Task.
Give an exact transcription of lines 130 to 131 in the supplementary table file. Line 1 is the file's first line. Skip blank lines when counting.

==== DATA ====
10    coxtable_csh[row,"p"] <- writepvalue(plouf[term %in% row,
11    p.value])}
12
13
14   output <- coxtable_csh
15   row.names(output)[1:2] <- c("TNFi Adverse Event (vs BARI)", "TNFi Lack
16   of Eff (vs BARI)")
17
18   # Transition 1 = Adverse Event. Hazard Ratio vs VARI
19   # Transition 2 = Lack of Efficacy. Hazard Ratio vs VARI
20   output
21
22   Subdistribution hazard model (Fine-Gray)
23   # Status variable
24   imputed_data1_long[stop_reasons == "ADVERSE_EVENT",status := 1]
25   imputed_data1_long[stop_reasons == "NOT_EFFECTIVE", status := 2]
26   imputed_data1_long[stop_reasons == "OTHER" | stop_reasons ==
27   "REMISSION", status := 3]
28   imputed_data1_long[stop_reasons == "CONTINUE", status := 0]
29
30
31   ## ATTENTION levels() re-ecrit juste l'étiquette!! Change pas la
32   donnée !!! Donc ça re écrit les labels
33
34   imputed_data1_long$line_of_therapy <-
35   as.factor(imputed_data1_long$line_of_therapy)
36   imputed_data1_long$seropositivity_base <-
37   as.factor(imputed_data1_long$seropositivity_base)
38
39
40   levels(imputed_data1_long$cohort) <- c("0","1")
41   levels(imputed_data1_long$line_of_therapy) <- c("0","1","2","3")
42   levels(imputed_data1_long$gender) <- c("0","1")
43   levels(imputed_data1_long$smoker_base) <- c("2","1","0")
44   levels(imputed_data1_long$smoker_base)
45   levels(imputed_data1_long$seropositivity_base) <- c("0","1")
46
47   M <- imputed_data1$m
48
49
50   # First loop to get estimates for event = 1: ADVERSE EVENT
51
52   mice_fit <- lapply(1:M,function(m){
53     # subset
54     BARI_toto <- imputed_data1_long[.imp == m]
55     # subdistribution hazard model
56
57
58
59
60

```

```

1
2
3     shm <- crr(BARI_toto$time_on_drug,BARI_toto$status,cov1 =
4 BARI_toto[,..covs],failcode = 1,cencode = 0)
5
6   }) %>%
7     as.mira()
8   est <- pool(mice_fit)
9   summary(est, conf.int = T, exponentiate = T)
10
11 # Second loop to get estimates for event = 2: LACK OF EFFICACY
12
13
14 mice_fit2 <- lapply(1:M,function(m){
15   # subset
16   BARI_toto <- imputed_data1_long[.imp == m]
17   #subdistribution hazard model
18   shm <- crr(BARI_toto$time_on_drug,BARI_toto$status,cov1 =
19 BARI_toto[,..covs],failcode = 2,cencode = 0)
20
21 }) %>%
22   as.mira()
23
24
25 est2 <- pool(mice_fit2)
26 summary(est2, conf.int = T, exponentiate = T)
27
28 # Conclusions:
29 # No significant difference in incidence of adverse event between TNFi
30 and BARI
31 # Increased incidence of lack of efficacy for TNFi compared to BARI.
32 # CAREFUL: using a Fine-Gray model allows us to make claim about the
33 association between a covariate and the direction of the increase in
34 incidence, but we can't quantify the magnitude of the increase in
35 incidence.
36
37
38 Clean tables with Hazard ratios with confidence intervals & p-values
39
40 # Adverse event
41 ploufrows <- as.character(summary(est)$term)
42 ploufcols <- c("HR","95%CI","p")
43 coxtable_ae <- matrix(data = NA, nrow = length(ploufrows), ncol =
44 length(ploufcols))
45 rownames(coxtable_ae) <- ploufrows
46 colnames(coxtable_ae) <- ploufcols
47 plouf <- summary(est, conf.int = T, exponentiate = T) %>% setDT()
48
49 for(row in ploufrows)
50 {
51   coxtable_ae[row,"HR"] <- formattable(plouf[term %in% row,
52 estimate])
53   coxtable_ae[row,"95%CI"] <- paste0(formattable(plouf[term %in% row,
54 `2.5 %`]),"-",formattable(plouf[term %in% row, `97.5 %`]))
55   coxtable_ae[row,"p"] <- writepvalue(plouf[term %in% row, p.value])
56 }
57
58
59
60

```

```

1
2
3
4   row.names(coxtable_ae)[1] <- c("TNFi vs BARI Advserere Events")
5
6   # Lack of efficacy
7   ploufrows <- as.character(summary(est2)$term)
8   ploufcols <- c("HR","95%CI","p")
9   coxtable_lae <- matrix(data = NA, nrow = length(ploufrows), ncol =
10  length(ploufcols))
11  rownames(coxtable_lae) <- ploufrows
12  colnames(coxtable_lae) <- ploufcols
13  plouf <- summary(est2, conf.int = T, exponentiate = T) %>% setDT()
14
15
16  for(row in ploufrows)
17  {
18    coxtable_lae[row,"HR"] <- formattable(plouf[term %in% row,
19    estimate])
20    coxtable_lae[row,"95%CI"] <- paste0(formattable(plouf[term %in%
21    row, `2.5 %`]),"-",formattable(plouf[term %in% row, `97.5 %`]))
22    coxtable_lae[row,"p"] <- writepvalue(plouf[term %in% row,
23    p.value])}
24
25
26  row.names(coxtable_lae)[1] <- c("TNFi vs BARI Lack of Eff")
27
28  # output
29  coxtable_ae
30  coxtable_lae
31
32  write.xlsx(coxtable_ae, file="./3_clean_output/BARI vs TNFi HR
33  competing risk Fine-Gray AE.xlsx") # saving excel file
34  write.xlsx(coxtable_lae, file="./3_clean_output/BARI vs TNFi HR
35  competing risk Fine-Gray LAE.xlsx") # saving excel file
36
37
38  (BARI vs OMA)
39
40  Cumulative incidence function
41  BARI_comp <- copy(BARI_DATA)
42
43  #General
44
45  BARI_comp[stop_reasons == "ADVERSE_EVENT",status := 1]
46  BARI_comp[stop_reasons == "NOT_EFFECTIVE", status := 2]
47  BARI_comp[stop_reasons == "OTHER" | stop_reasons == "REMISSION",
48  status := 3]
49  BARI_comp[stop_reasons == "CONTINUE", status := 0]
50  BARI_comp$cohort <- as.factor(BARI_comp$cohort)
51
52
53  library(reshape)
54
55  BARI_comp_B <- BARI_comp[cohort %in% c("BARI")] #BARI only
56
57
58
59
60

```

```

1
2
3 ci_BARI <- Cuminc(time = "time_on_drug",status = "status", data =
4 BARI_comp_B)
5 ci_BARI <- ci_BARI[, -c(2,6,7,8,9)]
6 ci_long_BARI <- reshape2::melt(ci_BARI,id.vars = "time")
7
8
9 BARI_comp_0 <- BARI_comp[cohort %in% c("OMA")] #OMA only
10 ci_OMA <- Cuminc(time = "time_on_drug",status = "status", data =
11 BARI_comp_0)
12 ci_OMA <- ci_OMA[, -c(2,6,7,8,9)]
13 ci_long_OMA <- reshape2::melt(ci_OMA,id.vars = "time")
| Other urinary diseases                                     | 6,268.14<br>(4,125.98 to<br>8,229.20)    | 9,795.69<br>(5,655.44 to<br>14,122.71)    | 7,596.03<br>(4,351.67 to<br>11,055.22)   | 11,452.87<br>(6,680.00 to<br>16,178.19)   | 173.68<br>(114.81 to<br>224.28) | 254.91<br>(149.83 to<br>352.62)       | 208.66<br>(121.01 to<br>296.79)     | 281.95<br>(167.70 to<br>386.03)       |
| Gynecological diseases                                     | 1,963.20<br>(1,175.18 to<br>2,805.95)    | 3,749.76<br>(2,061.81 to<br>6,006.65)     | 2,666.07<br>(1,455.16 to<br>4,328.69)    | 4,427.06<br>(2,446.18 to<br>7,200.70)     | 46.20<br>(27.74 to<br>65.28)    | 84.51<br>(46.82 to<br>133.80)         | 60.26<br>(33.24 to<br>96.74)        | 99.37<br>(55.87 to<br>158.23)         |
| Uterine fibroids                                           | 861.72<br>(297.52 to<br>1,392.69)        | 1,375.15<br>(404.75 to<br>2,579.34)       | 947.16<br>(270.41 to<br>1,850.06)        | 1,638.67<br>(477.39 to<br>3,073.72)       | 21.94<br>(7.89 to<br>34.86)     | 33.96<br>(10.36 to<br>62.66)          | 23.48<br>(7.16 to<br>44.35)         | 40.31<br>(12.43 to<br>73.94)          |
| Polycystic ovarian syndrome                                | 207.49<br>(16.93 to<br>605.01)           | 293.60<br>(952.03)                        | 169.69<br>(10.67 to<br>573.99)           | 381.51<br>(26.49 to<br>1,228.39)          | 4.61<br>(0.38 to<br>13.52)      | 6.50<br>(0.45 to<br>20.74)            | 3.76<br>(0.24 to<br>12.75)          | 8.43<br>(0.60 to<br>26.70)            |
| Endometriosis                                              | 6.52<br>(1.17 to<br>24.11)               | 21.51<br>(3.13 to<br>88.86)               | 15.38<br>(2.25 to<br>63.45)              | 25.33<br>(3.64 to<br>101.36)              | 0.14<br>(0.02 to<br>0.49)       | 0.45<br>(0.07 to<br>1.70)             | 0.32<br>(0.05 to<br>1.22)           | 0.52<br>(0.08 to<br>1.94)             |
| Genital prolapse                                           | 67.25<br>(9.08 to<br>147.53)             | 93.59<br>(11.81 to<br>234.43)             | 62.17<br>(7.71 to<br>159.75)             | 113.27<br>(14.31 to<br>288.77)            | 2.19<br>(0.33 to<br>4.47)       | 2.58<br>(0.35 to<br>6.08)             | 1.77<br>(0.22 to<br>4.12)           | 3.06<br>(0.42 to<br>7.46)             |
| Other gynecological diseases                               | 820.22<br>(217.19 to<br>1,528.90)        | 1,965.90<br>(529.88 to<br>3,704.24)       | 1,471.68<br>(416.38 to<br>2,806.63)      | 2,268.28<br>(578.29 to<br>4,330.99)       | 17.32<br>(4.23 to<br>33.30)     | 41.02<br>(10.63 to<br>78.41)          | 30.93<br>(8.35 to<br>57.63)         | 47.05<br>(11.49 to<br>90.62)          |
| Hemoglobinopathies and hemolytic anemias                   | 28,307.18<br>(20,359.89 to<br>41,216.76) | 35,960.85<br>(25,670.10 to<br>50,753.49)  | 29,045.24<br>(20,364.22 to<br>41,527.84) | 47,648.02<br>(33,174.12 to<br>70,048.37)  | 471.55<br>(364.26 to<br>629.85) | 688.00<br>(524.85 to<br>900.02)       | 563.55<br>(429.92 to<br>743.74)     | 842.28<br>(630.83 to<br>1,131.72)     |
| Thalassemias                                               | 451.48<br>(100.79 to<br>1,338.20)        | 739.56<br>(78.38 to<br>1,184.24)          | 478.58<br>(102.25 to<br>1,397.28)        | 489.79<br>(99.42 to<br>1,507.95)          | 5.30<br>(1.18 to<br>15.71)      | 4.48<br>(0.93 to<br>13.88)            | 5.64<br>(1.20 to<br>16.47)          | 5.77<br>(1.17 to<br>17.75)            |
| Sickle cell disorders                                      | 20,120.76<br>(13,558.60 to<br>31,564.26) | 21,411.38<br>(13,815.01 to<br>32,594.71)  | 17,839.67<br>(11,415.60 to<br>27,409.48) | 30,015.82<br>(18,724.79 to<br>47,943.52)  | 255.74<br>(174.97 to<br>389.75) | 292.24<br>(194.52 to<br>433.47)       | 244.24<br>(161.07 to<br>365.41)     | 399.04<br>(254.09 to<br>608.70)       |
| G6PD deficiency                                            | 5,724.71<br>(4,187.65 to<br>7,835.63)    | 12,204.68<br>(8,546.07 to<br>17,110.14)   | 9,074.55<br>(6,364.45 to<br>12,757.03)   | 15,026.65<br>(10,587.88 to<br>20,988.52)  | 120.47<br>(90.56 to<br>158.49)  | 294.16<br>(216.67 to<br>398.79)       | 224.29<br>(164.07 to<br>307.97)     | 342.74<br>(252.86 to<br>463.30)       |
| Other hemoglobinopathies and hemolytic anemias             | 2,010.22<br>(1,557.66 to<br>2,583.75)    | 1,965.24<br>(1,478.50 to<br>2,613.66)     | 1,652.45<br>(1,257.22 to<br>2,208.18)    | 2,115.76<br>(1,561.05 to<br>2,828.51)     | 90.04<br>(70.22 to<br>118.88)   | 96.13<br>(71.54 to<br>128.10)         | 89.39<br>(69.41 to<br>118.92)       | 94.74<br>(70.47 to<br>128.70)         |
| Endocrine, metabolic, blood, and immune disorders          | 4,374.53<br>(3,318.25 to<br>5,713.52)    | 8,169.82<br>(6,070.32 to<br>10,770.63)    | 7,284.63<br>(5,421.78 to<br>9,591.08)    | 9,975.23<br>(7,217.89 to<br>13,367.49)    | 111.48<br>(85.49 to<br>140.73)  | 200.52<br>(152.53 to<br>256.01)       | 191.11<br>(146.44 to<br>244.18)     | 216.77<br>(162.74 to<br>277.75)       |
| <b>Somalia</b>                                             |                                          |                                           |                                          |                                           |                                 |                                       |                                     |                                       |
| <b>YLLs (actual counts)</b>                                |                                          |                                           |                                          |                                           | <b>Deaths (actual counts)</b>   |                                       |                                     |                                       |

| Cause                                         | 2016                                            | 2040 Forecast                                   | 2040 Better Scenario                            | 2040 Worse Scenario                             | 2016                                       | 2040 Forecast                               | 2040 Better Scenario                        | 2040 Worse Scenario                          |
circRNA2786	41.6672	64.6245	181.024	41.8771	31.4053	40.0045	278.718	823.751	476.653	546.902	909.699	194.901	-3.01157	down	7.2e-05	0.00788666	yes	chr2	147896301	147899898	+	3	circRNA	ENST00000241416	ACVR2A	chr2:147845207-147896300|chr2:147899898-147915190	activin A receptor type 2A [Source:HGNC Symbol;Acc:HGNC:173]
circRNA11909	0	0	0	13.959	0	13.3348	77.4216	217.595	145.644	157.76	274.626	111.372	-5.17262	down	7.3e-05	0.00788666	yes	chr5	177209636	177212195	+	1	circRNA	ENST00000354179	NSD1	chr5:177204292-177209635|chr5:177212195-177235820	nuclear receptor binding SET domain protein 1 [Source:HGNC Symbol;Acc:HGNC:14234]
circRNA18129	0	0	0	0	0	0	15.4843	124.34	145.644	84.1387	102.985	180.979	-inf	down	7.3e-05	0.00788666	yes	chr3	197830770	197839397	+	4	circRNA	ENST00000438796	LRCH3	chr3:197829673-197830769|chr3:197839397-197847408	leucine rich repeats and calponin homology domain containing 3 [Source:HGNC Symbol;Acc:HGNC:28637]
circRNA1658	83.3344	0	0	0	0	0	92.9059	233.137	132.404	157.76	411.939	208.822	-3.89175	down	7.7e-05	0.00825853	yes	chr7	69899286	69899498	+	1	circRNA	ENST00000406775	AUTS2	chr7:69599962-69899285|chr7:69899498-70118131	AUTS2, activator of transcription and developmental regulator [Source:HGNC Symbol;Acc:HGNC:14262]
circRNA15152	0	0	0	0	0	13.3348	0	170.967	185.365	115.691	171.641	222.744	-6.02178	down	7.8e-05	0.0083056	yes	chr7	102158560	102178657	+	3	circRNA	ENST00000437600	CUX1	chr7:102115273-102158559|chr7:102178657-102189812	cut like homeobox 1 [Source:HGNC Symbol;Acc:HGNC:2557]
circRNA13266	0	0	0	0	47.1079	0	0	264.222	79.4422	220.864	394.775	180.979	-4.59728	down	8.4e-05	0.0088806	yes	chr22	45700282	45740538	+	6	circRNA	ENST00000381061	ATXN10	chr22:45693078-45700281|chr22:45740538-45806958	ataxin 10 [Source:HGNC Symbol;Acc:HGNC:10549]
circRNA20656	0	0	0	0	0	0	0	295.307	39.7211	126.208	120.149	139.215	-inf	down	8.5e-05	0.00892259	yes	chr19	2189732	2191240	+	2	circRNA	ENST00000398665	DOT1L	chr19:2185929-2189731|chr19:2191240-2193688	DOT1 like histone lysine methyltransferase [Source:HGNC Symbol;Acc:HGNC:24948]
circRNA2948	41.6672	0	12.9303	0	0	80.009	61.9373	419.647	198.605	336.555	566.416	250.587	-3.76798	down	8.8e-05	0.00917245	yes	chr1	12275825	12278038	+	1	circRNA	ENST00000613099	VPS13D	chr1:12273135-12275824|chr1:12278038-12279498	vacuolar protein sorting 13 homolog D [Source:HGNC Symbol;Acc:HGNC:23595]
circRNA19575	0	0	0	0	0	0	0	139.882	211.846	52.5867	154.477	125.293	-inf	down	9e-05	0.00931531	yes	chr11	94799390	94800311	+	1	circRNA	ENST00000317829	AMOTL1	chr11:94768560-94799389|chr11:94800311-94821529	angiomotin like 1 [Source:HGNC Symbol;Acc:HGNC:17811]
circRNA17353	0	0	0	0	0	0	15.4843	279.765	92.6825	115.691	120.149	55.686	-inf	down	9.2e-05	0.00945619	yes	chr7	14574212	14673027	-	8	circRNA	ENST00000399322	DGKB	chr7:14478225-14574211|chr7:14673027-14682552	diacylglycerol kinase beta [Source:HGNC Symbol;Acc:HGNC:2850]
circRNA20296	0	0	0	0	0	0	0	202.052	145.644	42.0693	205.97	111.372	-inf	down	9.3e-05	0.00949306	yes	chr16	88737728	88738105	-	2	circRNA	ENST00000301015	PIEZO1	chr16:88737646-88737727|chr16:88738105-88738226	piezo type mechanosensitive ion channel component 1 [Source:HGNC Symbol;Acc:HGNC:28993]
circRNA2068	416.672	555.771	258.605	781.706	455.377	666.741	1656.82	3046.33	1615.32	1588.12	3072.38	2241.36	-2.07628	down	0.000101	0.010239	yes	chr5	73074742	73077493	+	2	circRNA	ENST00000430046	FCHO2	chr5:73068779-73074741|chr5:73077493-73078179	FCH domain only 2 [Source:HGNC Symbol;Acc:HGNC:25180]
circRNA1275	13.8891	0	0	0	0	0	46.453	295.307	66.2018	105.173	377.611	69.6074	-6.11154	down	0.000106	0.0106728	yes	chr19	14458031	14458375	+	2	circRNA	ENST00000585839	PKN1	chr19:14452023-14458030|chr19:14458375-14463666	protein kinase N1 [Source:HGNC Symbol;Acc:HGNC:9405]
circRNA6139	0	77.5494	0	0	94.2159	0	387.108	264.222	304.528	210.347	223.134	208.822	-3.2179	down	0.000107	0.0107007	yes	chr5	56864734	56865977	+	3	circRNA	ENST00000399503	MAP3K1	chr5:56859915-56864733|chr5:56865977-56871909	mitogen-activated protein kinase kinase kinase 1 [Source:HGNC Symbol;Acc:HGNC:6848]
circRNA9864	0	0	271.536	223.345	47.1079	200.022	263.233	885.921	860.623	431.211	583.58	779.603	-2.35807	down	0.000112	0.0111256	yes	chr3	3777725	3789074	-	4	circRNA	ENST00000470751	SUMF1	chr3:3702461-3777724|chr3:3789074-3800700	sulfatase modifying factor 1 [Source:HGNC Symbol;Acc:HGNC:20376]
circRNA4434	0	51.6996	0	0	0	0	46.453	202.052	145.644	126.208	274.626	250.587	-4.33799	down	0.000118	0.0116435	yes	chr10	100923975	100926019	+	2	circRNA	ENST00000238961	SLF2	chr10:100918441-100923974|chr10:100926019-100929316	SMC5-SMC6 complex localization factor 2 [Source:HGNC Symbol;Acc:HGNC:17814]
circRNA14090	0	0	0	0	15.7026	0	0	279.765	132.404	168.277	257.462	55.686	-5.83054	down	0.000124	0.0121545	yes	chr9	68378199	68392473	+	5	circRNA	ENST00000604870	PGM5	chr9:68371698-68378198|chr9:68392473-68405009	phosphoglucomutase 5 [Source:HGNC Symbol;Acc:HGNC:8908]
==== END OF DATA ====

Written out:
15
16  for(row in ploufrows)